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Comportement de l'entreprise réglementée: étude de l'hypothèse Averch-Johnson

Mirucki, Jean (1980): Comportement de l'entreprise réglementée: étude de l'hypothèse Averch-Johnson. Published in: University Microfilms International, University of Michigan , Vol. DA82, No. 1457 (1982): pp. 1-247.

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Abstract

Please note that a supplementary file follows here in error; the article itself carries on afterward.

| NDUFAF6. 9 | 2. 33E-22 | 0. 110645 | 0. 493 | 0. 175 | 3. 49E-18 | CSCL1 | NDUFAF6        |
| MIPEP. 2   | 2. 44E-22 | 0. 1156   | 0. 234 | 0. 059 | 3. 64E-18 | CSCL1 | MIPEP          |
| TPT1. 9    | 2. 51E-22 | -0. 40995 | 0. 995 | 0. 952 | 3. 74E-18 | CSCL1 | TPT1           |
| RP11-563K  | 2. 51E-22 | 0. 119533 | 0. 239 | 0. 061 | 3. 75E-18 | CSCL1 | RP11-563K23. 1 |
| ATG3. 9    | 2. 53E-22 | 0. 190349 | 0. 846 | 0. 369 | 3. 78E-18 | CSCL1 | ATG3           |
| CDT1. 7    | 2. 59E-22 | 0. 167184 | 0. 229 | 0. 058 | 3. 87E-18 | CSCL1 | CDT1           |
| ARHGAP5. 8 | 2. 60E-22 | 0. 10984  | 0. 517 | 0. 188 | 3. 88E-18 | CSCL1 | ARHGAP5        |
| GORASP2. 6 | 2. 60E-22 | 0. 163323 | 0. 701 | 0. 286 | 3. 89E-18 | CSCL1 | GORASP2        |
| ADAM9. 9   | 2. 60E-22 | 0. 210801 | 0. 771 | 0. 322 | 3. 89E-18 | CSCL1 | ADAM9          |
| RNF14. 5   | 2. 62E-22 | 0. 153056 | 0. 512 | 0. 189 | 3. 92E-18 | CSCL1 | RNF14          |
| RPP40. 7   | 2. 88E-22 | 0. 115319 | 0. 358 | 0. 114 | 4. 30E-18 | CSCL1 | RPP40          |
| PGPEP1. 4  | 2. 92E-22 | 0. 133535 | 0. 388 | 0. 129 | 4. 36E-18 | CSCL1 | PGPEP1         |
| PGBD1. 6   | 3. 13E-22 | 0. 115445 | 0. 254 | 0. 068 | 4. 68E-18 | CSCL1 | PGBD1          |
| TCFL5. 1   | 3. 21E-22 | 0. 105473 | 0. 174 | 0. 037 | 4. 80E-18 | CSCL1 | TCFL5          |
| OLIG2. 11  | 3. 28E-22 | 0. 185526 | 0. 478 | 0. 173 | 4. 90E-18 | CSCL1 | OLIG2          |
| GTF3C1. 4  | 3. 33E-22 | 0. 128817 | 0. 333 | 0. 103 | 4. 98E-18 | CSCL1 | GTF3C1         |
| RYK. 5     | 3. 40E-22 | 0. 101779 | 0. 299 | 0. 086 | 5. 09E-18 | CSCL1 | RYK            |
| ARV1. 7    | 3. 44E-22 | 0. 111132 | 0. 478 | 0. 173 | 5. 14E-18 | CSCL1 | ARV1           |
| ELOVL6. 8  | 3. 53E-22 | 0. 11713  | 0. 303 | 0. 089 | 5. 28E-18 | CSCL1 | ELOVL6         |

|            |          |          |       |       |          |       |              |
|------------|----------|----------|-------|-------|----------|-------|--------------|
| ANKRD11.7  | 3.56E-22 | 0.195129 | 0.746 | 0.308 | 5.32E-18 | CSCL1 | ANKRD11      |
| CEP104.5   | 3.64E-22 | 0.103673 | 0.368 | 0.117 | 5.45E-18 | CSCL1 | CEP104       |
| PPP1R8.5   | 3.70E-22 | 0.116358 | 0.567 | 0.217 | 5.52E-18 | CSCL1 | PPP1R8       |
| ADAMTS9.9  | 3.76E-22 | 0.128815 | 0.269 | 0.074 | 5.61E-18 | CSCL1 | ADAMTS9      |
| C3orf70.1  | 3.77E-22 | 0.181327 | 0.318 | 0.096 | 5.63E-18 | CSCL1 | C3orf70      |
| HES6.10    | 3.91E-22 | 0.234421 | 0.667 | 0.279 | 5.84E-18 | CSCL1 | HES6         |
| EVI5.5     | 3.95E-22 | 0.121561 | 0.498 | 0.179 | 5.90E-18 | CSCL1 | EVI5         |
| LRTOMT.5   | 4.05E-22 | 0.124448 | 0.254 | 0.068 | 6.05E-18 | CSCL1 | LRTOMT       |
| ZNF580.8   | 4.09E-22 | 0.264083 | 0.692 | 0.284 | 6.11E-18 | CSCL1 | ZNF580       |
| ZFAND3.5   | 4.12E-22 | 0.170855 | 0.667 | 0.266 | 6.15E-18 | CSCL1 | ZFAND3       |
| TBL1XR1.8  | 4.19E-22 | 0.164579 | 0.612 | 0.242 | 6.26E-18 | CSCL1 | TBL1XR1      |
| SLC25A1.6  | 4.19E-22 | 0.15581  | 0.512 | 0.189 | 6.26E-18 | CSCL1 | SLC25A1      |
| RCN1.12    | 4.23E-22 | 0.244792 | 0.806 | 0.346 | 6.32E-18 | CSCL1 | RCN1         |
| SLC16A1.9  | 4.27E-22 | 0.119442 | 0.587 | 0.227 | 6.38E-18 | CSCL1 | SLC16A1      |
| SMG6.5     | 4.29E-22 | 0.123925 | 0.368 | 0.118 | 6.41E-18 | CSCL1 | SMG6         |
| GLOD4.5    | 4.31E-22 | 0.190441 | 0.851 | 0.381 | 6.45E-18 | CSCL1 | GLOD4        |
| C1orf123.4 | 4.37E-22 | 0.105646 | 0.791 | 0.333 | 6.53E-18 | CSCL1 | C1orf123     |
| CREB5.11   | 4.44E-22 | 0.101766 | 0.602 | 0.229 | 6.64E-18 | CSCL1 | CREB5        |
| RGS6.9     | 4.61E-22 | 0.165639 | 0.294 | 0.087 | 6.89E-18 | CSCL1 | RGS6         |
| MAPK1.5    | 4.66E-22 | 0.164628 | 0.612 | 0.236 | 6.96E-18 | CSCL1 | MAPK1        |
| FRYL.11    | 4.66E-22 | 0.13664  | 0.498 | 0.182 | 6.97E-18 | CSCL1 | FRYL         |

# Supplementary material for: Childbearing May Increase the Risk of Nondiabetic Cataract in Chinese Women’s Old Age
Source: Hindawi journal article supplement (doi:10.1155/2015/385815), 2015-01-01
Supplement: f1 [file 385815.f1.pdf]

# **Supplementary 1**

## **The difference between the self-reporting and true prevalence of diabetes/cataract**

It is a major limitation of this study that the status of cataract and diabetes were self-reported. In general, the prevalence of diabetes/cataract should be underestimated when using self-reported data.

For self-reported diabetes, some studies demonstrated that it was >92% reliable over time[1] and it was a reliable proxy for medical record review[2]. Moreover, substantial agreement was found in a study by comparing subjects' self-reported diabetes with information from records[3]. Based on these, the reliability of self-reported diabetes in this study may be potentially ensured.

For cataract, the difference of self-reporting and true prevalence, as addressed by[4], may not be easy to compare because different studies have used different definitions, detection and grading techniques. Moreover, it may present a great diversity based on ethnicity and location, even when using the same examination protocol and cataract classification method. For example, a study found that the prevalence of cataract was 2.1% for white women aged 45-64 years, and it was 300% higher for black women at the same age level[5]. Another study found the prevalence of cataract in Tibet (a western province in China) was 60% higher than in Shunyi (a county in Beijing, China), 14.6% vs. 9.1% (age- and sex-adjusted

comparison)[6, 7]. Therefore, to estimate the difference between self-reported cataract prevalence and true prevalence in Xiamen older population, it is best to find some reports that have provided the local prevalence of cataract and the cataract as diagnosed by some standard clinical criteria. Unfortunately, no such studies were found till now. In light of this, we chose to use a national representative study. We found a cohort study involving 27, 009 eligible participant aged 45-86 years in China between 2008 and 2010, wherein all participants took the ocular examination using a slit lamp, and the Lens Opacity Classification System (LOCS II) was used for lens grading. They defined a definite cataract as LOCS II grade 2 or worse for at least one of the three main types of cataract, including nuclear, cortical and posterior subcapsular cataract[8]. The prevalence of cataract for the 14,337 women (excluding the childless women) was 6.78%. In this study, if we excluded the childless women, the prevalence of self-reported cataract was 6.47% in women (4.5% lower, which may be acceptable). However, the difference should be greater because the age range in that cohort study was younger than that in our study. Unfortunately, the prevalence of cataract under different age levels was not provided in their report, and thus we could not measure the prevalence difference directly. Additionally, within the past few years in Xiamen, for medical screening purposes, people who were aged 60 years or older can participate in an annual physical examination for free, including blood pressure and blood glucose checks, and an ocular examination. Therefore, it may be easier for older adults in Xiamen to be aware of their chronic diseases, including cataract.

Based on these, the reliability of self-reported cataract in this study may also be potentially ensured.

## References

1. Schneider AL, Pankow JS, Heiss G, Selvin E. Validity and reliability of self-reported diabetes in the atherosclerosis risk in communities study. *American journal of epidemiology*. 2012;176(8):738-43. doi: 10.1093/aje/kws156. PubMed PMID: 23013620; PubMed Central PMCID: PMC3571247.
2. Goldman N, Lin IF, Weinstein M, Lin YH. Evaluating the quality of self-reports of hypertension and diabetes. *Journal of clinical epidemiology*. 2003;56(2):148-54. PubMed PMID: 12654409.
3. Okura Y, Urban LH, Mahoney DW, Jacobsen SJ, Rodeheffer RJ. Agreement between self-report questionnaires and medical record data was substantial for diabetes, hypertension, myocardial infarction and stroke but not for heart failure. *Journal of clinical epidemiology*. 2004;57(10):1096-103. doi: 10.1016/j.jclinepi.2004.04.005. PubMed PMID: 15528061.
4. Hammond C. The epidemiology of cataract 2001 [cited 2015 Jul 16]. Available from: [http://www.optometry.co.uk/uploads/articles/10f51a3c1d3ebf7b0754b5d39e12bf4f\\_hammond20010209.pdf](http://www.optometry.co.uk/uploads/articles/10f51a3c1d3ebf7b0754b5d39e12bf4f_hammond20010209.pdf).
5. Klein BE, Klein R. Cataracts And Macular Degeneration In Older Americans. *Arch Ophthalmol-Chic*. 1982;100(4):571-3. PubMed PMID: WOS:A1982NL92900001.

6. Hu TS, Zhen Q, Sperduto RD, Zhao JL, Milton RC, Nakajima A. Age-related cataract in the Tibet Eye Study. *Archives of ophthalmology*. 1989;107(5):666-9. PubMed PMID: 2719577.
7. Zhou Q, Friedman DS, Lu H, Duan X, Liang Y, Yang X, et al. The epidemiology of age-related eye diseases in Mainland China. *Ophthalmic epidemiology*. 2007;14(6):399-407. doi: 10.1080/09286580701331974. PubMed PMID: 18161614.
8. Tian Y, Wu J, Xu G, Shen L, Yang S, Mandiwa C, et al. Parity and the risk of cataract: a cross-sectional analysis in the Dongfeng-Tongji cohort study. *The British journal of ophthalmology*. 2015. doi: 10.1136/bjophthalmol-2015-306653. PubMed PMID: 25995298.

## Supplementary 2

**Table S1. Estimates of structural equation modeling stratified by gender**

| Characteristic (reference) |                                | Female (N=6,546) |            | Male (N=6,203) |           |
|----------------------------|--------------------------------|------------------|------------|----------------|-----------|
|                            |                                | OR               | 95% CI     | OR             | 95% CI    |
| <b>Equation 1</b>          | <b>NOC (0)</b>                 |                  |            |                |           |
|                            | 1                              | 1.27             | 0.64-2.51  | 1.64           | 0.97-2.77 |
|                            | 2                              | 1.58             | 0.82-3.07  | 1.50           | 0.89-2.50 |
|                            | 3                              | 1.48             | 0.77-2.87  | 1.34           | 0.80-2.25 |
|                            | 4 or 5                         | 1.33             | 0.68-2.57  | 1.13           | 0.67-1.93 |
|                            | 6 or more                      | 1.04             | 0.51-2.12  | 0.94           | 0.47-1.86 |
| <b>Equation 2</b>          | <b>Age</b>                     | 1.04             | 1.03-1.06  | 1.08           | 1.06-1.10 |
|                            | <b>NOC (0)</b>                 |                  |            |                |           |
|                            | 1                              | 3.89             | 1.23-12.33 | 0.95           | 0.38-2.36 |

The Averch-Johnson hypothesis of over-capitalisation is tested, in this work, using Bell Canada data from the 1952-76 period. The cost minimization conditions are checked by using a Cobb-Douglas production function, with an optional index of technology, while the 1952-76 data sample has been segmented into 8 sub-periods, to check for the influence of the random nature of any given sample. The main results of this paper are, first of all, that the Cobb-Douglas production function provides, overall, a satisfactory description of the production decisions of the firm, showing constant returns to scale in 83 % of the case. Secondly, 11 out of the 13 Student-t tests reject the hypothesis that the firm was minimizing its costs. In all cases, the results indicate that the bias favored the production factor (K). Finally, the most dramatic variations in the results come from the use of segmented periods. The Averch-Johnson hypothesis of over-capitalisation is tested, in this paper, using Bell Canada data from the 1952-76 period. The cost minimization conditions are checked by using a Cobb-Douglas production function, with an optional index of technology, while the 1952-76 data sample has been segmented into 8 sub-periods, to check for the influence of the random nature of any given sample. The main results of this paper are, first of all, that the Cobb-Douglas production function provides, overall, a satisfactory description of the production decisions of the firm, showing constant returns to scale in 83 % of the case. Secondly, 11 out of the 13 Student-t tests reject the hypothesis that the firm was minimizing its costs. In all cases, the results indicate that the bias favored the production factor (K). Finally, the most dramatic variations in the results come from the use of segmented periods.

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